6. Deathgasm – An authentic look into a metal head teen’s colorful imagination, Deathgasm is a gore-soaked, go-for-broke horror comedy about a high school metal band’s war against a zombie apocalypse. It’s delightfully gross & oddly sweet.

7. Krampus – Director Michel Dougherty’s first film, Trick ‘r Treat, was a comedic horror anthology devoutly faithful to the traditions of Halloween. His follow-up, Krampus,  thankfully kept the October vibes rolling into December traditions in a time where so many people do it the other way around, celebrating Christmas before Halloween even gets rolling. All hail Krampus,  a soul-stealing demon who acts as “St. Nicholas’ shadow”,  for bucking the trend.

8. The Final Girls – If you happen to be a fan of 80s “camp site slasher films” like Friday the 13th & Sleepaway Camp and you enjoy meta genre send-ups like Scream & The Last Action Hero, please check out The Final Girls as soon as you can. It not only participates in the trope-referencing meta play of Wes Craven’s Scream, but because of its outlandish movie-within-a-movie concept, it also adopts the dream logic of Wes Craven’s New Nightmare. Although the film’s main goal is undoubtedly a goofy, highly-stylized comedy, it also reaches for eerie, otherworldly horror in its central conceit.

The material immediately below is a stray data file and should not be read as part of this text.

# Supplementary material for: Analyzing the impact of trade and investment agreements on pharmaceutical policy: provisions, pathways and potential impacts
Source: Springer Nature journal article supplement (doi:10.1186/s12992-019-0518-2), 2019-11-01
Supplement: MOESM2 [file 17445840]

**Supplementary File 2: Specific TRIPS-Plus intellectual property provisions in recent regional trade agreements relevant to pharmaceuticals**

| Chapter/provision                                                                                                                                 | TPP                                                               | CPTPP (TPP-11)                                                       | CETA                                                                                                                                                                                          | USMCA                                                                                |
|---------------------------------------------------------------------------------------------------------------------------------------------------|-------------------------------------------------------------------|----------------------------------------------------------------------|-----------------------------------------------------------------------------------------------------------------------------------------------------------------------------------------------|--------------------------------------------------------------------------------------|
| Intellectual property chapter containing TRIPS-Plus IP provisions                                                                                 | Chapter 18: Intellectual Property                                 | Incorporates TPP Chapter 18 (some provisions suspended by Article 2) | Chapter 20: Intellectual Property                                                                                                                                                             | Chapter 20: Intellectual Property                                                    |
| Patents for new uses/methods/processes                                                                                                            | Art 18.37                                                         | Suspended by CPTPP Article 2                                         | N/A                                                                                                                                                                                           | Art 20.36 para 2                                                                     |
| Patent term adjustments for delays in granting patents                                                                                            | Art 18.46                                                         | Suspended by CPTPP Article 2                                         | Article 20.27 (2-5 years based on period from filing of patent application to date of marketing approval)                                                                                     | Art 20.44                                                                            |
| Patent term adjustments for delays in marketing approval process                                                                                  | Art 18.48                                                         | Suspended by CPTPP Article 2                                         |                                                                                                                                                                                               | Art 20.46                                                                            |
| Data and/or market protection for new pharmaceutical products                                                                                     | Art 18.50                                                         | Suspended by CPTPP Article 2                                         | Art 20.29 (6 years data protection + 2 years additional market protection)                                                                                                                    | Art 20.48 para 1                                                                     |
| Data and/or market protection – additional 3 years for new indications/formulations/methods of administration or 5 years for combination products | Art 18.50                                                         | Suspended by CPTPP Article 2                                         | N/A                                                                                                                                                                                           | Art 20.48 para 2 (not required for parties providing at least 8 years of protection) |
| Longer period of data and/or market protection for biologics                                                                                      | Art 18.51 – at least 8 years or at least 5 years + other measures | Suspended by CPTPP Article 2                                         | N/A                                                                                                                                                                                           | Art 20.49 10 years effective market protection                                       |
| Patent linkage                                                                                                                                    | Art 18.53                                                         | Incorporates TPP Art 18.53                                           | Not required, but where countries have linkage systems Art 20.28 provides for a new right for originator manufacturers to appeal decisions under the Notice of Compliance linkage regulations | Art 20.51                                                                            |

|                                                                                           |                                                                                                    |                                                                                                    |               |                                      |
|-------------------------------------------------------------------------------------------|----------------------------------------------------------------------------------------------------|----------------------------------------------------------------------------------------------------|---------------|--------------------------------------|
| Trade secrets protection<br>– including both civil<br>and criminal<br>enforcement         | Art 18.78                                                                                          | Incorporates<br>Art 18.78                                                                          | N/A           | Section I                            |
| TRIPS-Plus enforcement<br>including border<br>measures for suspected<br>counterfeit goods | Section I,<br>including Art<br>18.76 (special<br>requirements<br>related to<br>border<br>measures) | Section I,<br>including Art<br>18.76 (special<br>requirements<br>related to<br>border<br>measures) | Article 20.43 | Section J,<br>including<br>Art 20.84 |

9. Mission: Impossible – Rogue NationPretty much a repeat of what I had to say about Furious 7. I watched the entire Mission: Impossible series for the first time this year & the newest installment, Rogue Nation, easily stood out as the most over-the-top entry in the fairly silly action franchise yet.

10. Russell Madness – A family comedy “produced by” Air Bud about a Jack Russell Terrier who finds success as a mixed-species pro wrestler. Need I say more? The only flaw in its execution of what had to be the dumbest premise of the year is that they didn’t stick with what must have been the original title: Russell Mania.

11. American Ultra/Victor Frankenstein I can’t defend essentially anything I’ve ever read Max Landis say on the internet, but I can say that he wrote two of the most mindlessly fun, delightfully excessive examples of trashy cinema that I saw all year.

12. Patch Town – A horror comedy Christmas musical about an evil Cabbage Patch dolls factory, Patch Town sounds like the kind of Sci-Fi Channel dreck that would settle for a couple odd moments & a celebrity cameo, then call it a day. Instead, it milks its concept for all it’s worth. Its high-concept, low budget weirdness is calculated, sure, but it’s also surprisingly thorough in pushing that concept as far as it could possibly go & even better yet, it’s genuinely funny.